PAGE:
WASHINGTON – The head of the New York Federal Reserve was put on the defensive by Senate Democrats, who accused the Fed of being too close to the big banks it is charged with regulating.
William Dudley, president of the New York Fed, insisted at a Senate hearing Friday that “our eyes are open” and regulators are fair, unbiased and rigorous in their oversight of the biggest U.S. banks.
A 2009 report found that the New York Fed’s culture stifled dissenting views among its bank supervisors.
“Of course we are not perfect, but we always strive to improve and retain your trust,” Dudley said at the hearing, which focused on whether the Federal Reserve has too cozy of a relationship with Wall Street banks.
Democratic critics say the Fed’s lax regulation of Wall Street banks could end up putting taxpayers on the hook again to bail them out as in the 2008 financial crisis.
“We need bank regulators who work to protect the American people, not the profits of giant banks,” said Sen. Elizabeth Warren, D-Mass., a member of the banking panel who has become a key spokeswoman for the Democratic Party on economic issues.
“Change has to come from the top,” Warren said. “Either you need to fix it Mr. Dudley, or we need to get someone who will.”
Warren and other members of the panel had testy exchanges with Dudley, who repeatedly defended the Fed’s actions in several cases involving big banks and said it has made great progress in sharpening its oversight.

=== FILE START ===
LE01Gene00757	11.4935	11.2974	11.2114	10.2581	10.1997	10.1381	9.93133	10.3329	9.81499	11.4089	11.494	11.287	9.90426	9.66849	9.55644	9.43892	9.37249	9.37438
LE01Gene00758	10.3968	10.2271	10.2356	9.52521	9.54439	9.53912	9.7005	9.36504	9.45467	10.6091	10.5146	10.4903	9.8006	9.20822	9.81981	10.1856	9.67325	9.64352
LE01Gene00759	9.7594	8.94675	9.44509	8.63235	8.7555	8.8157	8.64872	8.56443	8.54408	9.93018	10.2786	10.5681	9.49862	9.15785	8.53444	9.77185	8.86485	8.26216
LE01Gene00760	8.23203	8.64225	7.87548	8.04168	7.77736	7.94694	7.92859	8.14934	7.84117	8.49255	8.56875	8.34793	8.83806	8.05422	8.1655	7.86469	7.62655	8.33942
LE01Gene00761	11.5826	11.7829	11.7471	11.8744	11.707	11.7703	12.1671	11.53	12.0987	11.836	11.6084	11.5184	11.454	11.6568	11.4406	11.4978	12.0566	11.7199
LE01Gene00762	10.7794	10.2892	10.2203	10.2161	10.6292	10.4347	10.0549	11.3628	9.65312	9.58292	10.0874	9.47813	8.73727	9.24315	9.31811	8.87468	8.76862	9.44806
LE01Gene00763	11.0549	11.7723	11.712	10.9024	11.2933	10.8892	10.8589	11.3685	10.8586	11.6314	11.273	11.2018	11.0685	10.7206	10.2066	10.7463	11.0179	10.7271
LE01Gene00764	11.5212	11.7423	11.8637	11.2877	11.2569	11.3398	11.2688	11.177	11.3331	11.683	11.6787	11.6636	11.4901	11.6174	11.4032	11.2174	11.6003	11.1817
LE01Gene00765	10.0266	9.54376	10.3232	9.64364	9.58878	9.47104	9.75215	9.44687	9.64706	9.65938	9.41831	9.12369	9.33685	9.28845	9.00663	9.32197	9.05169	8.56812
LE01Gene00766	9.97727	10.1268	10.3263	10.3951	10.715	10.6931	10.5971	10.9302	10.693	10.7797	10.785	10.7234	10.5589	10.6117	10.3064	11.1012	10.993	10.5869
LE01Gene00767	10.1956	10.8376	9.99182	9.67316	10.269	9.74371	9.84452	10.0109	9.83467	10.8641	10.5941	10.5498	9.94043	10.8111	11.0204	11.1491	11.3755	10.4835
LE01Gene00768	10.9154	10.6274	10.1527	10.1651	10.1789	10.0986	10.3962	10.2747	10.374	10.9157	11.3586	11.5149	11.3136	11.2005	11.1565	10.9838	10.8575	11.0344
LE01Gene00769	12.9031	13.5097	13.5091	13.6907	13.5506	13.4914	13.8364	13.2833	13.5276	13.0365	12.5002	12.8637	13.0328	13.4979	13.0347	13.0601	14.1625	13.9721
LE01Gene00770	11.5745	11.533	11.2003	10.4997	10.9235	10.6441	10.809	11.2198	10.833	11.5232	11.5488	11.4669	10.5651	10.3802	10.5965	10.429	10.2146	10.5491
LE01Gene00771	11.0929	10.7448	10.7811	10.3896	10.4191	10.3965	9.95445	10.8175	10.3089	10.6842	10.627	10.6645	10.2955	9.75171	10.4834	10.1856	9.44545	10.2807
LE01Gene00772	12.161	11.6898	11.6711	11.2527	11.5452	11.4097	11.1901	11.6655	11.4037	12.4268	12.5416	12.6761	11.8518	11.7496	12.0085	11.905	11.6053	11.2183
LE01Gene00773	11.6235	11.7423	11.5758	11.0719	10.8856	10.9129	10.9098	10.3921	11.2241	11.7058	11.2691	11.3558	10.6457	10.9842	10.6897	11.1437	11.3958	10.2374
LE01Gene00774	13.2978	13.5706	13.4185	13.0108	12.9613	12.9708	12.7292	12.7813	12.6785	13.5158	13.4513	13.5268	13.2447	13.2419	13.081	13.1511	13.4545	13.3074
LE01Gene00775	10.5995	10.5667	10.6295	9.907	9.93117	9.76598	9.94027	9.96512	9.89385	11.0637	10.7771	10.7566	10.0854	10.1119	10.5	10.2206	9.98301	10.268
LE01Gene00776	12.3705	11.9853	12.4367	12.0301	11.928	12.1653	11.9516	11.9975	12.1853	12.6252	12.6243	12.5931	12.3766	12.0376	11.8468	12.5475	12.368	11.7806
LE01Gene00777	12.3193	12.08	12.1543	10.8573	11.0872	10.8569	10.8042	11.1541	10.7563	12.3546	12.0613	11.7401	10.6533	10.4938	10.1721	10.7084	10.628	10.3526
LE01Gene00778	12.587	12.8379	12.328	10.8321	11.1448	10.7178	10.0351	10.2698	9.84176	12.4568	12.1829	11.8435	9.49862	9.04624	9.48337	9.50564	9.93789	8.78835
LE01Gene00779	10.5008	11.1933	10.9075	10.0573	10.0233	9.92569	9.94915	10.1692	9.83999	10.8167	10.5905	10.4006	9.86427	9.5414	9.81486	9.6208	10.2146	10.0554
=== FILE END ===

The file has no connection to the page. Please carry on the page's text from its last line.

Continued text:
Sen. Sherrod Brown, D-Ohio, the subcommittee’s chairman, told Dudley his testimony gave “a pretty sunny description” of the Fed’s efforts to rein in risky conduct by big banks in the years since the financial crisis. But public confidence in Wall Street hasn’t improved since then, Brown said.
The Federal Reserve, which oversees Wall Street titans such as JPMorgan Chase & Co., Goldman Sachs & Co., Bank of America Corp. and Citigroup Inc., announced late Thursday that it will review how it inspects and supervises the banks. The Fed said the review will examine whether its decision-makers get the information they need to make good decisions in their inspection and oversight of banks. It also will look at the Fed’s internal culture, and whether dissenting views related to oversight are stifled.
The banks are considered to be so huge and interconnected that each could threaten the financial system if it collapsed.
This fall, conversations between New York Fed supervisors, secretly taped by a former employee there, were played on the radio program “This American Life.” The tapes were made by Carmen Segarra, a former Fed bank examiner who sued the New York Fed last year, alleging she was wrongfully terminated because she refused to change the results of her investigation into Goldman Sachs.
Segarra’s lawsuit said the New York Fed interfered with her examination of Goldman’s legal and compliance divisions, and directed her to change her findings. She says she refused and was fired three days later in May 2012.
Members of the Senate panel held up the tapes Friday as a dramatic example of New York Fed supervisors’ coziness with the banks.
“When Goldman was unhappy, you told the lead Fed investigator to back off,” Warren told Dudley.
He maintained the tapes don’t reflect how the New York Fed conducts its supervision of banks.
“I don’t accept the characterization that those tapes show the Federal Reserve is not working correctly,” Dudley said. “We investigated those issues.”